When I was in Darjeeling eight years ago, I stayed with a woman of 60 years or so who went by the name of Mrs Ongel. She had a penchant for poker and Padmasambhava, with dark eyes that curled up at the edges when she was concentrating on winning a game, and that danced with laughter when she played with her young granddaughter, Tara.
One evening, as my boyfriend and I wound our way through the narrow streets of Darjeeling back to Mrs Ongel's, we came across a strange woman with jet black dishevelled hair and a rather crazed look in her eye who was sweeping the cobbled street with a fervour I had never before seen devoted to such a job.
The next morning at Mrs Ongel's, as she shuffled her cards and offered us tea, we mentioned the woman, commenting on how unusual it was to see a woman doing such a traditionally male job, (it seemed rare for that to happen in Nepal at that time), and so late into the evening. Mrs Ongel just smiled and said "Ah, that is Pogli. That is not how she makes her living, that is just what she does, you know, for the sake of it. Because she is, well, pogli."
I mulled this over.
"Pogli?" I re-iterated.
"Yes," smiled Mrs Ongel, "We call her Pogli because that is what she is, you know, p..o..g..l..i..". As she mouthed the word slowly, she started making hand gestures, pointing her forefinger at the side of her head and circling it rapidly. In the end, we got it: Pogli was someone who, in Mrs Ongel's mind was off the rails, a bit crazy, 'got a screw loose'. Her hands flapped in the air.
I never forgot this, nor did I forget my time at Mrs Ongel's, with her gambling ways and her serious devotion to Tantric practice. For the rest of the trip, and upon my return to England, indeed for all the subsequent time since then, the word pogli, or poglie, as I sometimes spell it (for I have no real idea of how it is spelt or even if Mrs Ongel's explanation of the term or indeed my interpretation of her description was correct), has become a significant word in my own personal dictionary, a mainstay of my communication, somehow filtering into my language and descriptions.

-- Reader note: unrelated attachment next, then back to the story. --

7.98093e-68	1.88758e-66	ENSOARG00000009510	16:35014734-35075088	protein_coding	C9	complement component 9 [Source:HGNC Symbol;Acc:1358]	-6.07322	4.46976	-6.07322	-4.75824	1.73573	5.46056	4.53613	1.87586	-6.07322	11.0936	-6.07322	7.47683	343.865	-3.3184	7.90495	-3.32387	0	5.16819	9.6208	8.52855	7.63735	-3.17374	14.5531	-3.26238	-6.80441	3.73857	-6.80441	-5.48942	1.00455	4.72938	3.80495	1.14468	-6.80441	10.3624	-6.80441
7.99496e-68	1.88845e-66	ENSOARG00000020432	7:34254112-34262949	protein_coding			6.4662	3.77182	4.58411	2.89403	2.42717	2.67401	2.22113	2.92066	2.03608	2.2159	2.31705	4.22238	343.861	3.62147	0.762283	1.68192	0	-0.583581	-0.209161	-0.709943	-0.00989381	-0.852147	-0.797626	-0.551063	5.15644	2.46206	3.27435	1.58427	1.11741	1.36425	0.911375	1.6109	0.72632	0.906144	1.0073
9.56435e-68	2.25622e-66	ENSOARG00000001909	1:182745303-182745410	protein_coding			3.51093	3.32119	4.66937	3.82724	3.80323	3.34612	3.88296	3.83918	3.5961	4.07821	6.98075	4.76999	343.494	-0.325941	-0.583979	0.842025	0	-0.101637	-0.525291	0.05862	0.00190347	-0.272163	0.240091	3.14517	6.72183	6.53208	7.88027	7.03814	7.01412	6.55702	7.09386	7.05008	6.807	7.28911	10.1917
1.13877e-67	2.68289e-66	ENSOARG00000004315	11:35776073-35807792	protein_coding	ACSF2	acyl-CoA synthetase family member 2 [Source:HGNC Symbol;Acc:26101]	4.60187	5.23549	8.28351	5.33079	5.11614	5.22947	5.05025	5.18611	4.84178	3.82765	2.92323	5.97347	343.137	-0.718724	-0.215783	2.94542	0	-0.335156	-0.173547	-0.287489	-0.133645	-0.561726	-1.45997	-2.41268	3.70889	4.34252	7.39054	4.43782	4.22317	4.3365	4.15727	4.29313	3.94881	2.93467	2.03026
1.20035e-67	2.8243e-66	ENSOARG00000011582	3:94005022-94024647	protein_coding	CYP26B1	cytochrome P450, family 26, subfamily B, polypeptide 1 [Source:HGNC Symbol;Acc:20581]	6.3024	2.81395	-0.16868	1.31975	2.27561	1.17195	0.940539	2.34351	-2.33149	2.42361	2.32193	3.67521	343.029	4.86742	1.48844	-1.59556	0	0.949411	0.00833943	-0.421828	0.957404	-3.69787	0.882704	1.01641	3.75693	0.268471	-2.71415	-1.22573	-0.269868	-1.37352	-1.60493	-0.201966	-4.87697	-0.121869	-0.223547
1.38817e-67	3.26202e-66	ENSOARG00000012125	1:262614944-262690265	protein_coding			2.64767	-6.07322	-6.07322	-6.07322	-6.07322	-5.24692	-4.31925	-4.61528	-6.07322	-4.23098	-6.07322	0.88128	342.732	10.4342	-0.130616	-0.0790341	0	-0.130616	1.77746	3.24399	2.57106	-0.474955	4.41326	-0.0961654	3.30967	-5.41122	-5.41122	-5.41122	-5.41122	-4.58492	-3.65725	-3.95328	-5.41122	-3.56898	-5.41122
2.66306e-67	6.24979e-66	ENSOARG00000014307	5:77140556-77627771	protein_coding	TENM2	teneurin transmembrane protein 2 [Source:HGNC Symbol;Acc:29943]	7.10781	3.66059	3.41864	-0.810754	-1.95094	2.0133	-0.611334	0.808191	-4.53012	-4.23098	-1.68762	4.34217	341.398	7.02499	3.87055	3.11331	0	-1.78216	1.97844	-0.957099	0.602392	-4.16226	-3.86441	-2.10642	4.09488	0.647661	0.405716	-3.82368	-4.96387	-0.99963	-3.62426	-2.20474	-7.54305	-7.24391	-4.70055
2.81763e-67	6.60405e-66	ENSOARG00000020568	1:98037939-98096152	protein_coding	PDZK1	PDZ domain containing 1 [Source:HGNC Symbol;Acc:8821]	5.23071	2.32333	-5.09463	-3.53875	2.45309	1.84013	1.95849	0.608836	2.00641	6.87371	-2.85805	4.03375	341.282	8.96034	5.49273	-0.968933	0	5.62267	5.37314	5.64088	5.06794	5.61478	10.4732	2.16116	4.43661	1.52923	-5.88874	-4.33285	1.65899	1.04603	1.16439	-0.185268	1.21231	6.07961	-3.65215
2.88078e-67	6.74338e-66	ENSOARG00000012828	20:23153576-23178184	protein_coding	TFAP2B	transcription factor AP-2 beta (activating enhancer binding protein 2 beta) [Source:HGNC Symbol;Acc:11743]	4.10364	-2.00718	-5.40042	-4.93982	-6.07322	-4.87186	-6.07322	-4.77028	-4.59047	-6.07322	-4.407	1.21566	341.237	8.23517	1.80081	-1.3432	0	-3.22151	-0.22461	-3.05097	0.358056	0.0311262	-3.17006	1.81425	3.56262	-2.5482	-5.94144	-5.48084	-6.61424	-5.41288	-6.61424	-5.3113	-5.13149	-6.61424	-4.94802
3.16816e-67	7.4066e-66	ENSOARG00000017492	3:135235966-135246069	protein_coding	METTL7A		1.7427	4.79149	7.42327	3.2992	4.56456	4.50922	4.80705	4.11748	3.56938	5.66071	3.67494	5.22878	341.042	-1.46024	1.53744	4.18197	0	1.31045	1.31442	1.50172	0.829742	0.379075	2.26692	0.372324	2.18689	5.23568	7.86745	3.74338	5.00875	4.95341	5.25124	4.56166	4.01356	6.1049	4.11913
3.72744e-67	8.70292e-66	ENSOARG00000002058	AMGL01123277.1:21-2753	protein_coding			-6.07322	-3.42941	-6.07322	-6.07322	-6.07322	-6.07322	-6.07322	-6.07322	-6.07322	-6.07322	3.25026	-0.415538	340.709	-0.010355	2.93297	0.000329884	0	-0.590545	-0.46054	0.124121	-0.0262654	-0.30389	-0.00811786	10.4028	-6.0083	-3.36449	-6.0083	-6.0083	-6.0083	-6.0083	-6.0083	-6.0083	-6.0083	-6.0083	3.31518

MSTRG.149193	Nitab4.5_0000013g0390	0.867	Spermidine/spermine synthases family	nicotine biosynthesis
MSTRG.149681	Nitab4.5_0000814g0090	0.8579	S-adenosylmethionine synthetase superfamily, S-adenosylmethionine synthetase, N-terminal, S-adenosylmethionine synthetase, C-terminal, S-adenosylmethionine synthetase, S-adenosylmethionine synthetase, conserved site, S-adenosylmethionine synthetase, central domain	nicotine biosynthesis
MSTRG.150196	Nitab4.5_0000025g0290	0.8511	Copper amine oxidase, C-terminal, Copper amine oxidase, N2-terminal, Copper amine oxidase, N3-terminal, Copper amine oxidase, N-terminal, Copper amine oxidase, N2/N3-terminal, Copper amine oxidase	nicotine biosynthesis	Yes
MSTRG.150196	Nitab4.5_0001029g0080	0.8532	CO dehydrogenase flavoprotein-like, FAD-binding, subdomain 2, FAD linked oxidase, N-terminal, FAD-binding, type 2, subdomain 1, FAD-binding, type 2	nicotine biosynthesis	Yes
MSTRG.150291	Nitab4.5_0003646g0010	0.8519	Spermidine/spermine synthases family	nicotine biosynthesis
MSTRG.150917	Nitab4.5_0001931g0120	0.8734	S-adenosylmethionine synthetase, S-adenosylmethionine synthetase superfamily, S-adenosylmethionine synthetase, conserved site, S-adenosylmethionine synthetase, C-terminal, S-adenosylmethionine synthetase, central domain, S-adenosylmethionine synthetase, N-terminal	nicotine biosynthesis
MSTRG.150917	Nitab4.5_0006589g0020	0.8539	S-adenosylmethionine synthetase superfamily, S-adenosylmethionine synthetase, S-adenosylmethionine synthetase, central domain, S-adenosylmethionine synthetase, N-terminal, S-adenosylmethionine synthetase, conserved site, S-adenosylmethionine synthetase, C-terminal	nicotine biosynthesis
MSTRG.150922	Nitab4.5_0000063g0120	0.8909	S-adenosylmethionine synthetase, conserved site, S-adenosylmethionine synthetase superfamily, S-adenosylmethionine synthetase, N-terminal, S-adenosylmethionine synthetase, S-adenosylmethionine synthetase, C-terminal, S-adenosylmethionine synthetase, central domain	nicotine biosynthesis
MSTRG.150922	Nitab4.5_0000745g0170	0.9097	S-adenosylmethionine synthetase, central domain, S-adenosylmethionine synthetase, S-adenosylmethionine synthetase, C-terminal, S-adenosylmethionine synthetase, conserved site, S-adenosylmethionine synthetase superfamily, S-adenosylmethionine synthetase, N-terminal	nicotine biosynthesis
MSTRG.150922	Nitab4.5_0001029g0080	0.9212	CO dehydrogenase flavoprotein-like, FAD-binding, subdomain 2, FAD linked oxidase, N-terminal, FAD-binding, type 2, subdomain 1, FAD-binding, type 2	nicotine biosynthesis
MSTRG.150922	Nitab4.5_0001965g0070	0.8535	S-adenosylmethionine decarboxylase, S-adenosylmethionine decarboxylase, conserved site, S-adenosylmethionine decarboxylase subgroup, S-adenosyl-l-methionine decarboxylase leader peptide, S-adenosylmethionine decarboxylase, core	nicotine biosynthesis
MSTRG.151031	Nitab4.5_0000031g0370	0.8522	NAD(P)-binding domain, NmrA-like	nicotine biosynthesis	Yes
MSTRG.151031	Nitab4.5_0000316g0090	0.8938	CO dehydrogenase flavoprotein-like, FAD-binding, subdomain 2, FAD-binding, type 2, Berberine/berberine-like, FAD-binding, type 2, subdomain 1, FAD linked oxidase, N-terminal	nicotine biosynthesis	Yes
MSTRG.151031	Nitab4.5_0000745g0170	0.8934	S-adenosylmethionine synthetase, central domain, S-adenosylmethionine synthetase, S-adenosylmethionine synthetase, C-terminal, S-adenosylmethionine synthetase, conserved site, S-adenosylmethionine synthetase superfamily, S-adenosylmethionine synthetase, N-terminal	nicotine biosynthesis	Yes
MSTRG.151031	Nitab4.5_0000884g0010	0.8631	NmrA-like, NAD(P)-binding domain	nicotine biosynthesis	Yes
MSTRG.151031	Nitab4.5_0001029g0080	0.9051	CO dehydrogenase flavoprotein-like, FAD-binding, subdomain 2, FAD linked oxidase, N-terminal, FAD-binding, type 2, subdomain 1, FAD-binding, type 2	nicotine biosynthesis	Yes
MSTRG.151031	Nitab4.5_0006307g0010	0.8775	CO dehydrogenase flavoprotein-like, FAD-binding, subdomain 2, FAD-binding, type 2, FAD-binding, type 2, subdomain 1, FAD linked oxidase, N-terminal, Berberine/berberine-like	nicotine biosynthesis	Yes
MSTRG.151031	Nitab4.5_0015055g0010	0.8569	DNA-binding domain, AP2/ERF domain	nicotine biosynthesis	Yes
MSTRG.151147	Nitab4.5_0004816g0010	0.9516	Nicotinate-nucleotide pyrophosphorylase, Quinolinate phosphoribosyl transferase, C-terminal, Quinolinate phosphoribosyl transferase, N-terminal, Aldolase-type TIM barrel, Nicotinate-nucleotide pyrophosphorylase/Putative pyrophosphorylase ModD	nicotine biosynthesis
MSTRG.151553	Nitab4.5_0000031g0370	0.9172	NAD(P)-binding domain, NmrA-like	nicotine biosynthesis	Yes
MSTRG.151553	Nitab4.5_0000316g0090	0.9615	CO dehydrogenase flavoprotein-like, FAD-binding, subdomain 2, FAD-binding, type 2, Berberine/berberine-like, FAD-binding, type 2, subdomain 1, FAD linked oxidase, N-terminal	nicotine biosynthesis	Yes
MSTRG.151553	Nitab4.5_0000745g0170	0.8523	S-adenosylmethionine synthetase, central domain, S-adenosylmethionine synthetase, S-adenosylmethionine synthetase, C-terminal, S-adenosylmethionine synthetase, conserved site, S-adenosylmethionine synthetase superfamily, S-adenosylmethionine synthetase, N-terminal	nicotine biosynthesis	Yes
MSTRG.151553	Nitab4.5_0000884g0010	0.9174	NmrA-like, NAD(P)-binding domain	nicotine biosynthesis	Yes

And so I have, for my own purposes, adapted this word to describe a state of being that I have never before had words for, and desperately wanted a term to describe: that is, something or somebody: it could be a moment, a behaviour or an action, it could be a way of thinking, it could be a place, or even an object, that is inherently, indefatigably, eccentric, odd, unusual, silly, strange or not able to fit into conventional society or experience. And, to put my slant on it further, that, in its eccentricity, is undeniably charming, endearing and life-affirming. To me, that is pogli. And so I have incorporated and re-framed this word, frankly, because I see and experience so much in this world and life that is frankly, pogli beyond belief, and that otherwise,I have no language for.
In fact, in my own purloining of this word, I would not only put the black haired obsessive compulsive street sweeper of Darjeeling into this bracket, but also Mrs Ongel (her name can be translated as Mrs Angel for heaven's sake), and no doubt myself at the time, working my way, as I was, through some of the holiest places on the planet, attempting to track down the elusive Dzogchen master Chatral Sangye Dorje, sitting in caves waiting for an emanation of Guru Rinpoche to appear, attempting to practise shooting my consciousness out through the top of my head with about 500 other Tibetan monks and lay people on retreat, throwing up on a regular basis and reading too much William Blake. In fact, I would go as far as to say, that, though all countries undoubtedly have their aspects of pogliness, if pogli is a throne at which the powers of the strange and wonderful and occasionally bananas sit, India must surely be its queen.
So there we have it, the power of the pogli.